A contemporary, high-stakes thriller about how reality becomes more twisted than the fantasy novel two friends are writing when the real-life subject of their fiction turns up dead and they’re the suspects, for fans of Mare of Easttown and One of Us Is Lying.
Celeste is the talk of the town when she moves to Montana from Montreal, but the only friend she makes is Vivvy, the heir to the town’s founder and a social pariah. Inspired by a passion-fueled school incident, they begin writing a love-story fanfic between the popular guy and the school stoner, one that gradually reveals Celeste’s past. While her bond with Vivvy makes Celeste feel safe and alive again, Vivvy keeps prodding Celeste to turn fantasy into reality. When they finally try, one drunken night on a dark mountainside, Celeste is the one who ends up kissing golden boy Joss. And Joss ends up dead.
Celeste doesn’t remember the end of that night and can’t be sure she didn’t deliver the killing blow. Could she still be that scared of getting close to a boy? Secrets are hard to keep in a small town, and even Vivvy seems to suspect her. Exploring the winding passages of the cave where Joss died, Celeste learns he had his own dark secrets, as does Vivvy. The town isn’t as innocent as it appears.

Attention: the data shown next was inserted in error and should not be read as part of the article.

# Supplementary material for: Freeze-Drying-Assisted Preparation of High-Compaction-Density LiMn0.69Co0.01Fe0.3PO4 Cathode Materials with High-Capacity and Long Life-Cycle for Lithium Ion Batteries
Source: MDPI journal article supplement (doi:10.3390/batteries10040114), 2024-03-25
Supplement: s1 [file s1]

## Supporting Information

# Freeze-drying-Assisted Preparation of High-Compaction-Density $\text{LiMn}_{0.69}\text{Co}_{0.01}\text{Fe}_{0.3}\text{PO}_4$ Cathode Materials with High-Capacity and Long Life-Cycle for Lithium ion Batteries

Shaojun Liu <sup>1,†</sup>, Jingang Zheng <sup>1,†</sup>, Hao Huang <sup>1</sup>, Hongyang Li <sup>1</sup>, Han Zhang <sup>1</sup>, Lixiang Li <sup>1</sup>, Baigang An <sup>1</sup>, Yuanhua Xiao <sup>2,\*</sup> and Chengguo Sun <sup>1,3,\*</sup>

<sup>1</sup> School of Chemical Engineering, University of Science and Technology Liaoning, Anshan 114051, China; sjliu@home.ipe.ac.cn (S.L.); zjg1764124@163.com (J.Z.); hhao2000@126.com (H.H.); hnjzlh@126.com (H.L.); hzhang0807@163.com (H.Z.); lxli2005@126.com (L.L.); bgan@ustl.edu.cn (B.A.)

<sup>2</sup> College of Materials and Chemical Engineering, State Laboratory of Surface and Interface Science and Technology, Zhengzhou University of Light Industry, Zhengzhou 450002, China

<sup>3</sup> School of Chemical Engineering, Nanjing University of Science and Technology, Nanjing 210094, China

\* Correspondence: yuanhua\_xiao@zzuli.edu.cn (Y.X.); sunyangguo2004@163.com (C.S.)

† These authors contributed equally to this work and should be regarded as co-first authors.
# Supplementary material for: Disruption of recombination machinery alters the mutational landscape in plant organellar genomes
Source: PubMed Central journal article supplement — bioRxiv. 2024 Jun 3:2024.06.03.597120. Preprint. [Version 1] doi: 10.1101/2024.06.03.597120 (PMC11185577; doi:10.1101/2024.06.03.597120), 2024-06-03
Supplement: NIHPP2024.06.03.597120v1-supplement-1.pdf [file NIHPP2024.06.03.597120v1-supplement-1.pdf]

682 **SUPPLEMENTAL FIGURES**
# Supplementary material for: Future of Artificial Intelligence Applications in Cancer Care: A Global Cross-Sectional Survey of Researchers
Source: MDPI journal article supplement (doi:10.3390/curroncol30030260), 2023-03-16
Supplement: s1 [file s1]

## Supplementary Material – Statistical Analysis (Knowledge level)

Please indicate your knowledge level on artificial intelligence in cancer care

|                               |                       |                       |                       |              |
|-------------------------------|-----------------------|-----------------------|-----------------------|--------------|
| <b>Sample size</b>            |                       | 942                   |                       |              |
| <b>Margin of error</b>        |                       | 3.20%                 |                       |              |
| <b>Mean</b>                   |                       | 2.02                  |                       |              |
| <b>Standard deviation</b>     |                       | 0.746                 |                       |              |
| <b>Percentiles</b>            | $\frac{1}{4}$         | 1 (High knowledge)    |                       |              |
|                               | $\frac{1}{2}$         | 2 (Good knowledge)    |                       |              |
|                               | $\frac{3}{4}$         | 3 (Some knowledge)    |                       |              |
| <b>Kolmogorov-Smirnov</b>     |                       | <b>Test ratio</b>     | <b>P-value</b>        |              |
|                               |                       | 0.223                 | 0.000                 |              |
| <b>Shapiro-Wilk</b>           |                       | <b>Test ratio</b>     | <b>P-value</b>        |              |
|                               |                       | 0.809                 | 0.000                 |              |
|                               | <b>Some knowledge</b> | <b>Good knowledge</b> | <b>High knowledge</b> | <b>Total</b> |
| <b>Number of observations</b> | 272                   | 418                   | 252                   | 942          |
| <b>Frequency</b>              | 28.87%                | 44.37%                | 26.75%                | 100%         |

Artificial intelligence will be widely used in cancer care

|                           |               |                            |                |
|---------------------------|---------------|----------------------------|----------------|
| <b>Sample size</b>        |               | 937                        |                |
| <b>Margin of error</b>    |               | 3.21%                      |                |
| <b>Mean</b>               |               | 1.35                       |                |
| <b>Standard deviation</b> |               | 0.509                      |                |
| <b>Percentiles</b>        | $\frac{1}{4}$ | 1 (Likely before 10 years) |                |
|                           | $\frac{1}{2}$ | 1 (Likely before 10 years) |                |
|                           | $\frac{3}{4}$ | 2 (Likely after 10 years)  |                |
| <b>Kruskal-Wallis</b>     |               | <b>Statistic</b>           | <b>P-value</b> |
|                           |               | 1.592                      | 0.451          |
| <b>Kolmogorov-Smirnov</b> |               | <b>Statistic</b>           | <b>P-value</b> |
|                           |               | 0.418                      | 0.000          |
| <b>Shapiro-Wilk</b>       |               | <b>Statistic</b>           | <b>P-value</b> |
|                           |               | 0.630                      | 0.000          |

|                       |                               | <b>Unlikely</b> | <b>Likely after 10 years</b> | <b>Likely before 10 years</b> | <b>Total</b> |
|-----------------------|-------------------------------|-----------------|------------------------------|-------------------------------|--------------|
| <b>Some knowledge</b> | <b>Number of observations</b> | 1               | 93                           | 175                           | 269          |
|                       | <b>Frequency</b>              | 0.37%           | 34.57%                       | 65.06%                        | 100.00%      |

Margot Harrison is the author of the YA thrillers We Made It All Up, The Glare, and The Killer in Me, which was a finalist for the Vermont Book Award. She writes for the newspaper Seven Days and posts vintage YA book reviews and skits about her weird childhood on TikTok @MargotFHarrison.
From NOVL Nation
“This mystery is keeping me up all night reading this book.”
“This twisted, suspenseful murder mystery will hit the sweet spot for Karen McManus devotees.”
“The unreliable characters are well drawn, and the dialogue masterfully replicates the teenage voice. A polished tale that is twisted and disturbing.”
“Harrison thoughtfully explores themes of self-harm, psychological manipulation, and sexual violence using atmospheric writing, convincing dialogue, and a clever narrative structure in this eerie tale.”